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Has your employer provided adequate fall protection?

The construction industry routinely ranks among the most dangerous in terms of practitioners suffering serious injuries. Yet if you work in this profession, you likely go to work every day in Carnegie taking comfort in knowing that your employer knows the dangers that you face, and thus puts safeguards in place to protect you from them. Yet if your company follows the trend of many employers in the construction industry, you and your coworkers may not be as safe as you believe. What is most troubling is that the most common safety failures are typically those involving readily apparent hazards. 

The Occupational Safety and Health Administration has recognized four causes as producing almost 60 percent of all construction industry fatalities. These include: 

  • Falls
  • Being struck by objects
  • Electrocutions
  • Being caught in equipment or in-between equipment and surfaces

Falls in particular account for an extremely high number of accidents. Knowing this, you might assume that employers would dedicate as many resources as are necessary in order to protect your and others from falls. Yet recent patterns witnessed in safety citations issued to construction companies reveals a disturbing trend.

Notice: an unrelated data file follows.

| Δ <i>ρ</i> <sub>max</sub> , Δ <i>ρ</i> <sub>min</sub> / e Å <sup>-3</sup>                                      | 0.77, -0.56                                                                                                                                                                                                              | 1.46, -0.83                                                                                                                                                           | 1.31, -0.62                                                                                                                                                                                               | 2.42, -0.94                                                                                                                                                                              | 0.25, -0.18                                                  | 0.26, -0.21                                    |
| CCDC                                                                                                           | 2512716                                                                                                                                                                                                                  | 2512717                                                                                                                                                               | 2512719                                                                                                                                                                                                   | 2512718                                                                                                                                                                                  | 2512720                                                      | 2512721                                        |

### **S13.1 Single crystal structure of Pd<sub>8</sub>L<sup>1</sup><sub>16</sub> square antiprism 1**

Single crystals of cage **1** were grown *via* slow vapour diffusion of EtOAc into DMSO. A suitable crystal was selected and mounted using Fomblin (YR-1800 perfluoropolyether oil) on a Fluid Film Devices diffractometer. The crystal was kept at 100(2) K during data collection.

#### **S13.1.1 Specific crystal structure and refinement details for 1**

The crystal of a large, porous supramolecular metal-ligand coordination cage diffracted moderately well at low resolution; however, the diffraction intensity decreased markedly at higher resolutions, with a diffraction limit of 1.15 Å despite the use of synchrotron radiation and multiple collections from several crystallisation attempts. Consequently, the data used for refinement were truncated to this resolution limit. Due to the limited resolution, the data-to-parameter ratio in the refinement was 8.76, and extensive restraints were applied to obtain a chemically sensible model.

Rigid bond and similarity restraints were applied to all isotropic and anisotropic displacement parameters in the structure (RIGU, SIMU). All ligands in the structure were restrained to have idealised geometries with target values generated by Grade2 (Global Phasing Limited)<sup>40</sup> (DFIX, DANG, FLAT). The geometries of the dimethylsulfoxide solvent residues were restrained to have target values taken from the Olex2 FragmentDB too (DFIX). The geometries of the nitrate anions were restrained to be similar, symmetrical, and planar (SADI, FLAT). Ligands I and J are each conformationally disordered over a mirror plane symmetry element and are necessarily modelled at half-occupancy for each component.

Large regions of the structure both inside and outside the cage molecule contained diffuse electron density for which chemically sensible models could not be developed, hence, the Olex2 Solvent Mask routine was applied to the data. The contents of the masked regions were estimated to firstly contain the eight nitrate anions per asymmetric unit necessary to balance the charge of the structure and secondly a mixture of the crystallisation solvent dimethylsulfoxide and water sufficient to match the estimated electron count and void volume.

Of the top 10 most common safety violations tracked by OSHA in 2018, four were specifically related to fall protection. You might think that providing you with safety equipment such as harnesses and helmets constitutes adequate fall protection, yet issued related to the stability of scaffolding, the proper use of ladders and other safety training protocols are included as well (yet are commonly overlooked by employers). If you or a coworker are injured in a fall due to a lack of comprehensive safety measures, a strong argument may be made that the failure on the part of your employer to have previously addressed them qualifies as negligence. 

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